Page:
Lear does a terrific job "placing" Carson and contextualizing her youthful influences. Carson was born and raised in Springdale, Pennsylvania, a small town along the Allegheny River east of Pittsburgh. Her early appreciation of the natural world grew from this place, and from bearing witness to its industrial transformation. As a child, Carson developed an affinity for nature writers like Gene Stratton Porter. She began writing, herself, at a very young age and had her first story published in Mary Mapes Dodge's St. Nicholas when she was only eleven. She was soon winning prizes for her stories.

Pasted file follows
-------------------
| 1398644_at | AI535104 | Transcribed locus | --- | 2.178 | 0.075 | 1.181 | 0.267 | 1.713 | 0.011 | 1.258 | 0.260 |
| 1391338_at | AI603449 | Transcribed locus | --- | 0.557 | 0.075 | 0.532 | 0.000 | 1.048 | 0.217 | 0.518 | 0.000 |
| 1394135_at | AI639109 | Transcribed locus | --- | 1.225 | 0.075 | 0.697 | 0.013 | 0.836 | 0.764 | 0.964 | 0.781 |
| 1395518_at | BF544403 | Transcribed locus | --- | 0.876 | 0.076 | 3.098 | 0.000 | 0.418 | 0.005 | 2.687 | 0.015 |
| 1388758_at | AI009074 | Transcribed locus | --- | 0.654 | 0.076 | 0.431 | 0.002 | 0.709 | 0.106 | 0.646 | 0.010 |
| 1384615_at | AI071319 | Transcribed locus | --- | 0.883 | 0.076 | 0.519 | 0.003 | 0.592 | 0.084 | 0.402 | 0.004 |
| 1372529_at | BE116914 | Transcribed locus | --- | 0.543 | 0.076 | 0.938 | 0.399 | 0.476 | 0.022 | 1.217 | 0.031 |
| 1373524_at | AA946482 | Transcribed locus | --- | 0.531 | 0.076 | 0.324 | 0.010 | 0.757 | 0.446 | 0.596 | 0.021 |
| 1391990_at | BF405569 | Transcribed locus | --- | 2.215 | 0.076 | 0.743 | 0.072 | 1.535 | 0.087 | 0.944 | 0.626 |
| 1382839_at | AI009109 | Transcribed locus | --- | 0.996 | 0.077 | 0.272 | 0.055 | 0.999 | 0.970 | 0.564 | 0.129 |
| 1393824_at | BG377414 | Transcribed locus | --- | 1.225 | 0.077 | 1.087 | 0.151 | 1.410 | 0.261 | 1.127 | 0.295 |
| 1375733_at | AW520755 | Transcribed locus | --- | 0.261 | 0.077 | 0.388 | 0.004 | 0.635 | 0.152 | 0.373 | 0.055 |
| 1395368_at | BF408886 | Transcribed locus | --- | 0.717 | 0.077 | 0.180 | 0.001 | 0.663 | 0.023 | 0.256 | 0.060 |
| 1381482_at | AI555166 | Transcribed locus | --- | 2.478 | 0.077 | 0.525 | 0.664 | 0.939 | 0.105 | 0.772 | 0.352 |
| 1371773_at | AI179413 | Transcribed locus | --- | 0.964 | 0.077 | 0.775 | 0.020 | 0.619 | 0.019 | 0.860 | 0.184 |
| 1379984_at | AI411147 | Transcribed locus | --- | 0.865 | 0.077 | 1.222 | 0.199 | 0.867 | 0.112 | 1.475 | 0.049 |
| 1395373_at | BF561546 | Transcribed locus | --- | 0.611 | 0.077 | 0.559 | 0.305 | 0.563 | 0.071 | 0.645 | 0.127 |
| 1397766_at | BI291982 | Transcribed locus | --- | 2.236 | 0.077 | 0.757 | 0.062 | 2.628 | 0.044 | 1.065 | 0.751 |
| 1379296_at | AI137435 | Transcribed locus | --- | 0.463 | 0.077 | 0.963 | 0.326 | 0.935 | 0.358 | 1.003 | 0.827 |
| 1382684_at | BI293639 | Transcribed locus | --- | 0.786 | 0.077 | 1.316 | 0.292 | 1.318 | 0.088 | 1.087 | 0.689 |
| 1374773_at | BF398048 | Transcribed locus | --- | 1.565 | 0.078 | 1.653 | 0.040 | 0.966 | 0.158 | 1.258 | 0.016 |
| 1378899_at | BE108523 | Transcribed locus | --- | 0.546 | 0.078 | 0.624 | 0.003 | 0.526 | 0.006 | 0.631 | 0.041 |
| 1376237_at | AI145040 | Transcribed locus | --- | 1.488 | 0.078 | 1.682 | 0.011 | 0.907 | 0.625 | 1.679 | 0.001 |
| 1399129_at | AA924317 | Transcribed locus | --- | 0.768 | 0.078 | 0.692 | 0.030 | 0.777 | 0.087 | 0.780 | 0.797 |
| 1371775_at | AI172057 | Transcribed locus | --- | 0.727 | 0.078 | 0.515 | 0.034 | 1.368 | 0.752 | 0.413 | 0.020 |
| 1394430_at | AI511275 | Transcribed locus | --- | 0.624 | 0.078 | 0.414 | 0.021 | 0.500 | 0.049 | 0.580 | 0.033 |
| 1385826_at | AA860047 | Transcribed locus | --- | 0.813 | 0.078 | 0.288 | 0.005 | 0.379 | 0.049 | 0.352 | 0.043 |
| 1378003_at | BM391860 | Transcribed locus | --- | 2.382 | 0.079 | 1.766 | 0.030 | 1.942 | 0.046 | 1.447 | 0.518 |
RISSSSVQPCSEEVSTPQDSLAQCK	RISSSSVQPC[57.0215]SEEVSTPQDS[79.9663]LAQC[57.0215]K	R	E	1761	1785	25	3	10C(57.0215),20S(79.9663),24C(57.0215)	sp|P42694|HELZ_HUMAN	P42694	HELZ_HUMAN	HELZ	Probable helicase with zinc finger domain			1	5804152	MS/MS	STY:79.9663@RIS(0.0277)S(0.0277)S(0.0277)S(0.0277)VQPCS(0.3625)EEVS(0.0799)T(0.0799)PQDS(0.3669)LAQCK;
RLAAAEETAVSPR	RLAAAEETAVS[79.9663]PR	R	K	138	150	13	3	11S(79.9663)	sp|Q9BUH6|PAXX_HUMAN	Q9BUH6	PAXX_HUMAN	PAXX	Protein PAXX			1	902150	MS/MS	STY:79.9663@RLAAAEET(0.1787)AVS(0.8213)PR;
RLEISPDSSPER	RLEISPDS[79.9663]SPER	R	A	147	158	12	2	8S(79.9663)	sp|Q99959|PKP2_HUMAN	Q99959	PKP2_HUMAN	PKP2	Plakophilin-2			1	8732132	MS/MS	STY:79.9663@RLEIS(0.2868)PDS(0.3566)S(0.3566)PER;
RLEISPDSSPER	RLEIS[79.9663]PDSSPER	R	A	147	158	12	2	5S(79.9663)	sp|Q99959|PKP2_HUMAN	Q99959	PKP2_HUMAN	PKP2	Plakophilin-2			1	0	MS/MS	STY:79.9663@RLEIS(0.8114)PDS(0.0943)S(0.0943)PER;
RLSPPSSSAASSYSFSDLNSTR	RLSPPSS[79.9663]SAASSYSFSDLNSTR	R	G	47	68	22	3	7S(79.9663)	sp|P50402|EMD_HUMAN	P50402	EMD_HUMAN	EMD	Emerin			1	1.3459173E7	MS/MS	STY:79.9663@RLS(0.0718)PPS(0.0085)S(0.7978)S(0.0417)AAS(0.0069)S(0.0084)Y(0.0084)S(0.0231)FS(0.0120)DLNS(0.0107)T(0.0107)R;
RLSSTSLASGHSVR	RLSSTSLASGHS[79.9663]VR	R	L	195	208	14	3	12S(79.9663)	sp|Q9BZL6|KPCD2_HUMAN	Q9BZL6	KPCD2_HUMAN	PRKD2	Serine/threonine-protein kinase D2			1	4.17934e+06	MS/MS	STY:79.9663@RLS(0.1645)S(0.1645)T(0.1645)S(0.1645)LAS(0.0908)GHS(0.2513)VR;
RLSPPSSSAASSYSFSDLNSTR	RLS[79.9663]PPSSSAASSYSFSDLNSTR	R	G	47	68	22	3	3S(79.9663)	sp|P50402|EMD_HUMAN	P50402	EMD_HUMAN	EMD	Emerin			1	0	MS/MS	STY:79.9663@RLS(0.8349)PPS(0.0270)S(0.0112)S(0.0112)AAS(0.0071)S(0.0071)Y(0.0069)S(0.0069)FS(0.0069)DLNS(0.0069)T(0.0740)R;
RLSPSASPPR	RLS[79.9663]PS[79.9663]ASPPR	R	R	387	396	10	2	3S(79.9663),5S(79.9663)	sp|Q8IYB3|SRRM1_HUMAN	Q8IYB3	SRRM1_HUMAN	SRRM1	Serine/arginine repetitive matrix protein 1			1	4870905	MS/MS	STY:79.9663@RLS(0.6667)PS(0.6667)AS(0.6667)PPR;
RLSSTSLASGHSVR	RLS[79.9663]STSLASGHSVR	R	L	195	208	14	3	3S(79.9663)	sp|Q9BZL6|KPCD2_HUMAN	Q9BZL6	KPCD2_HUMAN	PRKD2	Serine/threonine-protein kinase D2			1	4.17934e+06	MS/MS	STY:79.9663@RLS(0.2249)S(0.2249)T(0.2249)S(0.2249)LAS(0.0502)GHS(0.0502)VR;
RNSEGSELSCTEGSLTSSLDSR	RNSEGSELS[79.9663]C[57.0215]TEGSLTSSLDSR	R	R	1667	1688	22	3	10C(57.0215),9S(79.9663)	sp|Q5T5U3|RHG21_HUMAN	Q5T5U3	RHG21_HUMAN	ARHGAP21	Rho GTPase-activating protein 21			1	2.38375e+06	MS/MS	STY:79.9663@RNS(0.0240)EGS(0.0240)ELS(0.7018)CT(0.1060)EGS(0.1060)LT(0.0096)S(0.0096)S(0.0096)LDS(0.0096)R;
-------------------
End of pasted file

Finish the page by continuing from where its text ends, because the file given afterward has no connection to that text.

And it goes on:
Rachel Carson had planned to study English in college and become writer, but her discovery of the biological sciences pulled her in an entirely different direction. Thus began what Lear describes as an almost schizophrenic struggle on Carson's' part to fix upon a vocation. The struggle was more than just a difficult choice between two appealing intellectual courses of study, for Carson was keenly aware of the difficulties she would face as a female scientist. A career as a writer was the more sensible choice. Carson chose science. After graduating from Pennsylvania College for Women, Carson earned a master's degree in zoology from Johns Hopkins. She would have pursued her Ph.D. had not the depression and family responsibilities gotten in her way. Without a Ph.D., Rachel Carson had to rely on her ability as a writer to build a career as a government scientist. She began by writing radio scripts for the U.S. Bureau of Fisheries, and she steadily worked her way up the ladder to the position of Information Specialist for the Fish and Wildlife Service. Though she had solid scientific credentials, Carson never got the opportunities, or the respect, afforded field scientists. Instead, she carved out a unique niche within the bureau as a science writer who interpreted the FWS's research for the public. Never able to get more than one foot solidly planted within the male world of professional science, Carson instead became a go-between, a role she made the most of over the course of her career.